In the design world, there are 2 types of files- Vector graphics (ai, eps, pdf) and Raster graphics (jpg, png, tiff, bmp). Vector graphics are generated using mathematical and geometrical equations to represent shapes, letters, and numbers, but don’t worry about getting your calculator out, the math is all handled behind the scenes with computer magic. Vectors are great because they are able to be scaled from business card size all the way up to billboard-sized or more without losing any quality in the image. Vectors are the preferred format for logos and other brand graphics, due to their versatility.
The main that thing vectors aren’t, however, are photographs. Where a vector can be scaled without losing quality, I am sure we are all familiar with what happens to a medium or low-resolution photo when it is blown up. It becomes pixelated, or ‘blocky-looking’ and all around not great to look at, as you can see by many of the pictures on this page.
In the photo above, you’ll notice a close-up section of the IDB logo. Our logo consists of both vector and raster elements. (What?!? You can do that? Yep, when using Ai or PDF formats, you are able to have both raster and vector elements in one file!) The letters in the logo are all vector
If you notice the photos above, both are raster images that were exported from our master vector logo file. The image on the left was saved at 72 dpi, which is standard screen resolution. Designers will save images at this resolution for use in digital applications, such as websites, apps or on social media. It is important to make sure the file is the correct size in order to balance the best quality image with the smallest possible file size. When photographs are copied off of search engine results, from websites, or social media they are typically in this resolution at a size small enough to fit on a screen; which is much smaller than most signs.
The image on the right is the same vector logo at the same size, only this time we saved it in what is typically considered a higher-resolution image, at 300 dpi. We then took a section of the image and blew it up to show how the detail quickly deteriorates. High-resolution images are certainly preferred to low-res, but even they can be limiting. If the image was designed at a smaller scale, then it will still need resizing which will decrease the resolution.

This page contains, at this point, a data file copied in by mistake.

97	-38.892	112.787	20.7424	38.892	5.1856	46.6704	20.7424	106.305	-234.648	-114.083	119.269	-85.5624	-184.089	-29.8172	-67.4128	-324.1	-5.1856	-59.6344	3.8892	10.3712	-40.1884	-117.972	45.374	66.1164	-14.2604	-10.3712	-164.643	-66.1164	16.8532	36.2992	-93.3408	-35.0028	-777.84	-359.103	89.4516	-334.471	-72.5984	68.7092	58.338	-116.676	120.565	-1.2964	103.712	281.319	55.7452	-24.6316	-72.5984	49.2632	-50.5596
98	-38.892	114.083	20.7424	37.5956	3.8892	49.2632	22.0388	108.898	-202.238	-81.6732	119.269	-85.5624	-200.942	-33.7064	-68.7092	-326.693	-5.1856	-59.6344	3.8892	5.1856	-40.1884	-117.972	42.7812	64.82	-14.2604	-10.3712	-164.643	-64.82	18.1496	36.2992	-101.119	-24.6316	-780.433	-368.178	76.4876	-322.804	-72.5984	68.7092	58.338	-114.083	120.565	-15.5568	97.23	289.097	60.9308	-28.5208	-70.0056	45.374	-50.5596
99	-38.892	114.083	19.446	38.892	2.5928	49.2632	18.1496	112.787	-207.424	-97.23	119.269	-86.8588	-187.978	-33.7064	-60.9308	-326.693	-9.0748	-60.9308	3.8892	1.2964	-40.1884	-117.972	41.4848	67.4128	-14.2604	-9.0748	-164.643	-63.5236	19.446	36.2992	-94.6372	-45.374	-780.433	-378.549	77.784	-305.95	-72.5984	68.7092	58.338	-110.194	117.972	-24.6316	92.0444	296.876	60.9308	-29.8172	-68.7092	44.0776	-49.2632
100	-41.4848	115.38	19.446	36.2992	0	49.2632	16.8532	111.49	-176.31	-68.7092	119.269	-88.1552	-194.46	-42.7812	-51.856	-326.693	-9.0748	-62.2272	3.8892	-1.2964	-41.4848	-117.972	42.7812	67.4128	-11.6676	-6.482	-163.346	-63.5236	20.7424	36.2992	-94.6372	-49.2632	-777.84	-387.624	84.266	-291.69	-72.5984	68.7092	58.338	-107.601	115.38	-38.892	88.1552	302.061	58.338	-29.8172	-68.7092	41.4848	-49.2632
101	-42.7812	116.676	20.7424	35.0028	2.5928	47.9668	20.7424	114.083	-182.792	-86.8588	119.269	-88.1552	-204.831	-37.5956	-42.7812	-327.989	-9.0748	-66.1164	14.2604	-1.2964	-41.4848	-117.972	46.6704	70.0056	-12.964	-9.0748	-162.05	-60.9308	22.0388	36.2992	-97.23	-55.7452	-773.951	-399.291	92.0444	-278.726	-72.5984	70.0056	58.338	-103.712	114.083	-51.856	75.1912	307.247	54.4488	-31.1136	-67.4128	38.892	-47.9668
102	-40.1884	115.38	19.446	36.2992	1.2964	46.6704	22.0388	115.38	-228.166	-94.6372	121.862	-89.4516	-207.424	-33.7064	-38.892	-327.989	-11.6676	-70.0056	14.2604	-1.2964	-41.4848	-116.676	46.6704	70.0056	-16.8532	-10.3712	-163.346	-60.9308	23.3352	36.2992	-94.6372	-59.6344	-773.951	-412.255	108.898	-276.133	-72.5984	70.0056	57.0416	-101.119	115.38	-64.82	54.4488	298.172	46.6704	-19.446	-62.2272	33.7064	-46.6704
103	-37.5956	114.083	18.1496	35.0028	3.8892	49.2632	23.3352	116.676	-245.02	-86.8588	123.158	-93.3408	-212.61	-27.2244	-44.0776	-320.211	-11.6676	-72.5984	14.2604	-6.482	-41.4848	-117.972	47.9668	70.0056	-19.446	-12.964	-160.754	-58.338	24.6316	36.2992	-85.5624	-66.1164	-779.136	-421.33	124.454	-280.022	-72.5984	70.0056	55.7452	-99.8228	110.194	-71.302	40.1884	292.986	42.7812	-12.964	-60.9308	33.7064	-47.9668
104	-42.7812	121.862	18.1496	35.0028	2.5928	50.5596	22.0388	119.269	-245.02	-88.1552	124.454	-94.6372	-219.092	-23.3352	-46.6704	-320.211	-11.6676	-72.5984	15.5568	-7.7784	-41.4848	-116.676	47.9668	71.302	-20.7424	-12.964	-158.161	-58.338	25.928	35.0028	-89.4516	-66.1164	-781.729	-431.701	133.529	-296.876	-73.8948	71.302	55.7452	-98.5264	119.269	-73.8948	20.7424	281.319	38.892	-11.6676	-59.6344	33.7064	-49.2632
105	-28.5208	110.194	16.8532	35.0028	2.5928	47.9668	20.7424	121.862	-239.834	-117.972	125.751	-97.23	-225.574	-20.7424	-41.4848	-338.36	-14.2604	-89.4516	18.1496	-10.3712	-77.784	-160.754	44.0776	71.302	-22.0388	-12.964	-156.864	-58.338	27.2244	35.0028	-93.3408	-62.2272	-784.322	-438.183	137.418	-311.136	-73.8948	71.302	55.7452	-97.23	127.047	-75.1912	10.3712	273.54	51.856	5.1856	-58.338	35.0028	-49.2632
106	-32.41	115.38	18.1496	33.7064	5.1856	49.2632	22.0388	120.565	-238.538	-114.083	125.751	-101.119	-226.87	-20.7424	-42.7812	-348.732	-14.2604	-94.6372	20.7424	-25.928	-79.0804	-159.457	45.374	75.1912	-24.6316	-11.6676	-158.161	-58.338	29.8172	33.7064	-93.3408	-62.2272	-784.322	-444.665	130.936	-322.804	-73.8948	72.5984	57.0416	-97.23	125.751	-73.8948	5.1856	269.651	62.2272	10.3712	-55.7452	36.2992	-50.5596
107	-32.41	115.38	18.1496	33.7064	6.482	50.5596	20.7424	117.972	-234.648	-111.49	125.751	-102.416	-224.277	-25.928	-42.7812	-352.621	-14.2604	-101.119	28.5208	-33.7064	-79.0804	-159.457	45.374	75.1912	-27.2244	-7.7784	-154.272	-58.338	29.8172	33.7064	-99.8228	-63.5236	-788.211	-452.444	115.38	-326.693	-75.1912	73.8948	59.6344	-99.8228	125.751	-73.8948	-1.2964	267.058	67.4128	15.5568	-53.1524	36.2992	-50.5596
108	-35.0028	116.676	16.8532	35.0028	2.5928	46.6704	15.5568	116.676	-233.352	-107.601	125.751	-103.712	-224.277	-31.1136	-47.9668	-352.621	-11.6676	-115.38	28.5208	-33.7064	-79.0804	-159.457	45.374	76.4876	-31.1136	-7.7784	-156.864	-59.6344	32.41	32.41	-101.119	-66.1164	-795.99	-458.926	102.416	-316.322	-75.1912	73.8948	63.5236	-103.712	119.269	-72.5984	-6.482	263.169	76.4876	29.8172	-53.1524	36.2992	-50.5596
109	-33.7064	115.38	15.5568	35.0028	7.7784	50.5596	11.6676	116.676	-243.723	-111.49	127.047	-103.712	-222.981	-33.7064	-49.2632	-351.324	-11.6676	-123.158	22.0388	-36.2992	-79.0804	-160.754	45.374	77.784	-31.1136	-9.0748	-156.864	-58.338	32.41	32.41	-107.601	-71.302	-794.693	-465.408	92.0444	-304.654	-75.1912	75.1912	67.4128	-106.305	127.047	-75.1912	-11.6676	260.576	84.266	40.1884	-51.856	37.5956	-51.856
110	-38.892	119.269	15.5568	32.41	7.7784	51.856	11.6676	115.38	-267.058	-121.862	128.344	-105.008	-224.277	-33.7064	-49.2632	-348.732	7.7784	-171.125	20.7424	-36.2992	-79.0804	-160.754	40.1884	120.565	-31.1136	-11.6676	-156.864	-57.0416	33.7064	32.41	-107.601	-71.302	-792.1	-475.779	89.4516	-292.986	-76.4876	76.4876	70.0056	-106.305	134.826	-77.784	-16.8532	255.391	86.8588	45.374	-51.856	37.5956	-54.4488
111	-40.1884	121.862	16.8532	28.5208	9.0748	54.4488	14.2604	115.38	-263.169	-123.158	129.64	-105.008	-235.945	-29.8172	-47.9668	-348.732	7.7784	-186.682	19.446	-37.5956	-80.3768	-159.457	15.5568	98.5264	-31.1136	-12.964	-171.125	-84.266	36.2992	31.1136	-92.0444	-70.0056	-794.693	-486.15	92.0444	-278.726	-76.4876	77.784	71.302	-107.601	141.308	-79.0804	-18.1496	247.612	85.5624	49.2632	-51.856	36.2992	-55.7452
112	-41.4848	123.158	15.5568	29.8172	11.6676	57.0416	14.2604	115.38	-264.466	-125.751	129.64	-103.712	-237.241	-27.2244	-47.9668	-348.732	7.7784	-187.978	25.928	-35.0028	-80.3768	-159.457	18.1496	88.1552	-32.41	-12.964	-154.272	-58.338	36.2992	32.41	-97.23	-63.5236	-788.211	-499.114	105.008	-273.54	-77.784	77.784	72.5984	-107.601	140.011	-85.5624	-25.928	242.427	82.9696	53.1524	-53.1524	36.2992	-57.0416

Since we deal with signage and large format printing, our ideal resolution and image size is much BIGGER! It is common to receive clients’ brand graphics in smaller or lower quality formats, particularly for smaller businesses that may not have a dedicated designer or art department and a stockpile of digital assets, so don’t worry!
If you’re sitting there worrying with a medium or a low-resolution raster image, fear not, there are solutions. With a bit of skill and some patience, we are able to trace and convert most raster images to vector format. This will typically add between 1-3 days to your lead time, and you will incur a small additional art/design fee.
Raster images do have their place, however. High-resolution photos are certainly an integral part of graphics and signage. Their success is dependent upon their quality and original intent. Photos that are taken with quality equipment and with their end application in mind are much more likely to be successful for their owners than photos that are recycled from previous projects or taken using a smartphone, etc. For this reason, we certainly recommend using a professional photographer if possible in order to get exactly the shots your project needs to succeed!
Another important element of raster images is the specific type of file. Raster comes in many different formats, some quite dated and obsolete, and others have modern capabilities that are beneficial. For example, in the photo below you will see two images with the IDB logo and a blue square. In each instance, the blue square was placed behind a previously saved raster version of our logo. On top, the image was saved as a JPG, or JPEG, which does not have transparent background capabilities. The bottom image was saved as a PNG, which does allow for transparent backgrounds (as an option, you may also pick any color as a solid background). Imagine JPG is an image printed onto white paper, while a transparent PNG is the same image printed onto clear material. There are many other differences, such as compressed vs non-compressed and the number of colors each can store. There are also a great many other raster file types not listed here, but PNG and JPG are the most common.
One last file type worth
If you’re still with us, then we hope you have learned a great deal about vector graphics and raster images and are ready to tackle your next graphics project! This article just scratches the surface, and we certainly encourage you to go out and continue to explore and expand your knowledge if you’re still interested. If you want to know more, have a specific question, or are ready to get in touch with us about your next graphics or signage project, then be sure to stop by our Contact page and fill out the form, or you can give us a call and be sure to follow us on social media. Thanks for the read and we hope you enjoyed it!
-IDB Furniture & Signs